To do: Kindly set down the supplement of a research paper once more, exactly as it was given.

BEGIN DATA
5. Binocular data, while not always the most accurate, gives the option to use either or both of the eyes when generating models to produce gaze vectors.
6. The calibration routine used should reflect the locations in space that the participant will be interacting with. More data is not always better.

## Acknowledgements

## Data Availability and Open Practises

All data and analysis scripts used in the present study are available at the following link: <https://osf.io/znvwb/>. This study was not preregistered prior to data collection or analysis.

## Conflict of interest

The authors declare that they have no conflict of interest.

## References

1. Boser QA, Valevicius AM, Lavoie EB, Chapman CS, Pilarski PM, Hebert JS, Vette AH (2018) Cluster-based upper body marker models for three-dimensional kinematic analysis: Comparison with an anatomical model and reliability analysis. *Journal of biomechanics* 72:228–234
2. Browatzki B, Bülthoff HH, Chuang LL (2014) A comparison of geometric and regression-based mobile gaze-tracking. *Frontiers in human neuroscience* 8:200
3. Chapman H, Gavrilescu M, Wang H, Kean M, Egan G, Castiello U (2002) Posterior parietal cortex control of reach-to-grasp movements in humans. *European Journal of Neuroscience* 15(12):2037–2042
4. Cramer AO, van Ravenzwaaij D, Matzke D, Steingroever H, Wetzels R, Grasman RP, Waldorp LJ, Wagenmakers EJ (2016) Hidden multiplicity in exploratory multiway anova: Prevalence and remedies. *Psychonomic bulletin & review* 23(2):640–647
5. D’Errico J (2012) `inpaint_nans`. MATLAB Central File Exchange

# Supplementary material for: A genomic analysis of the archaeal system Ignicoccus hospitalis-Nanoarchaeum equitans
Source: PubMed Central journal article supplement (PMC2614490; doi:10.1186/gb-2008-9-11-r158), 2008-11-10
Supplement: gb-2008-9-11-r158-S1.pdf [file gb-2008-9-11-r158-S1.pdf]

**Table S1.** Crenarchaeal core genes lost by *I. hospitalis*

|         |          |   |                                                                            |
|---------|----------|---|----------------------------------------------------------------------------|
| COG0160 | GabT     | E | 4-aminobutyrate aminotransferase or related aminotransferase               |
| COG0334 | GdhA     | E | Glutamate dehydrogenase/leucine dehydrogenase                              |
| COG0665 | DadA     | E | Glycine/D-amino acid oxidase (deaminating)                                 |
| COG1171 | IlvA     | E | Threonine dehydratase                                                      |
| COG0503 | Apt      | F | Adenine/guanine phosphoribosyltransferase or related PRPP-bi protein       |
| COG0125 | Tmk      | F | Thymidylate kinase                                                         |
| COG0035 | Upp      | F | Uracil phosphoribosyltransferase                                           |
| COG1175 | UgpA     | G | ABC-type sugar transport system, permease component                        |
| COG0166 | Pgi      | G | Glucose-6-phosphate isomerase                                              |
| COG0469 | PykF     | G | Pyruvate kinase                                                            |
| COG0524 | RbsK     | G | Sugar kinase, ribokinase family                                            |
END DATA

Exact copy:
5. Binocular data, while not always the most accurate, gives the option to use either or both of the eyes when generating models to produce gaze vectors.
6. The calibration routine used should reflect the locations in space that the participant will be interacting with. More data is not always better.

## Acknowledgements

## Data Availability and Open Practises

All data and analysis scripts used in the present study are available at the following link: <https://osf.io/znvwb/>. This study was not preregistered prior to data collection or analysis.

## Conflict of interest

The authors declare that they have no conflict of interest.

## References

1. Boser QA, Valevicius AM, Lavoie EB, Chapman CS, Pilarski PM, Hebert JS, Vette AH (2018) Cluster-based upper body marker models for three-dimensional kinematic analysis: Comparison with an anatomical model and reliability analysis. *Journal of biomechanics* 72:228–234
2. Browatzki B, Bülthoff HH, Chuang LL (2014) A comparison of geometric and regression-based mobile gaze-tracking. *Frontiers in human neuroscience* 8:200
3. Chapman H, Gavrilescu M, Wang H, Kean M, Egan G, Castiello U (2002) Posterior parietal cortex control of reach-to-grasp movements in humans. *European Journal of Neuroscience* 15(12):2037–2042
4. Cramer AO, van Ravenzwaaij D, Matzke D, Steingroever H, Wetzels R, Grasman RP, Waldorp LJ, Wagenmakers EJ (2016) Hidden multiplicity in exploratory multiway anova: Prevalence and remedies. *Psychonomic bulletin & review* 23(2):640–647
5. D’Errico J (2012) `inpaint_nans`. MATLAB Central File Exchange

# Supplementary material for: A genomic analysis of the archaeal system Ignicoccus hospitalis-Nanoarchaeum equitans
Source: PubMed Central journal article supplement (PMC2614490; doi:10.1186/gb-2008-9-11-r158), 2008-11-10
Supplement: gb-2008-9-11-r158-S1.pdf [file gb-2008-9-11-r158-S1.pdf]

**Table S1.** Crenarchaeal core genes lost by *I. hospitalis*

|         |          |   |                                                                            |
|---------|----------|---|----------------------------------------------------------------------------|
| COG0160 | GabT     | E | 4-aminobutyrate aminotransferase or related aminotransferase               |
| COG0334 | GdhA     | E | Glutamate dehydrogenase/leucine dehydrogenase                              |
| COG0665 | DadA     | E | Glycine/D-amino acid oxidase (deaminating)                                 |
| COG1171 | IlvA     | E | Threonine dehydratase                                                      |
| COG0503 | Apt      | F | Adenine/guanine phosphoribosyltransferase or related PRPP-bi protein       |
| COG0125 | Tmk      | F | Thymidylate kinase                                                         |
| COG0035 | Upp      | F | Uracil phosphoribosyltransferase                                           |
| COG1175 | UgpA     | G | ABC-type sugar transport system, permease component                        |
| COG0166 | Pgi      | G | Glucose-6-phosphate isomerase                                              |
| COG0469 | PykF     | G | Pyruvate kinase                                                            |
| COG0524 | RbsK     | G | Sugar kinase, ribokinase family                                            |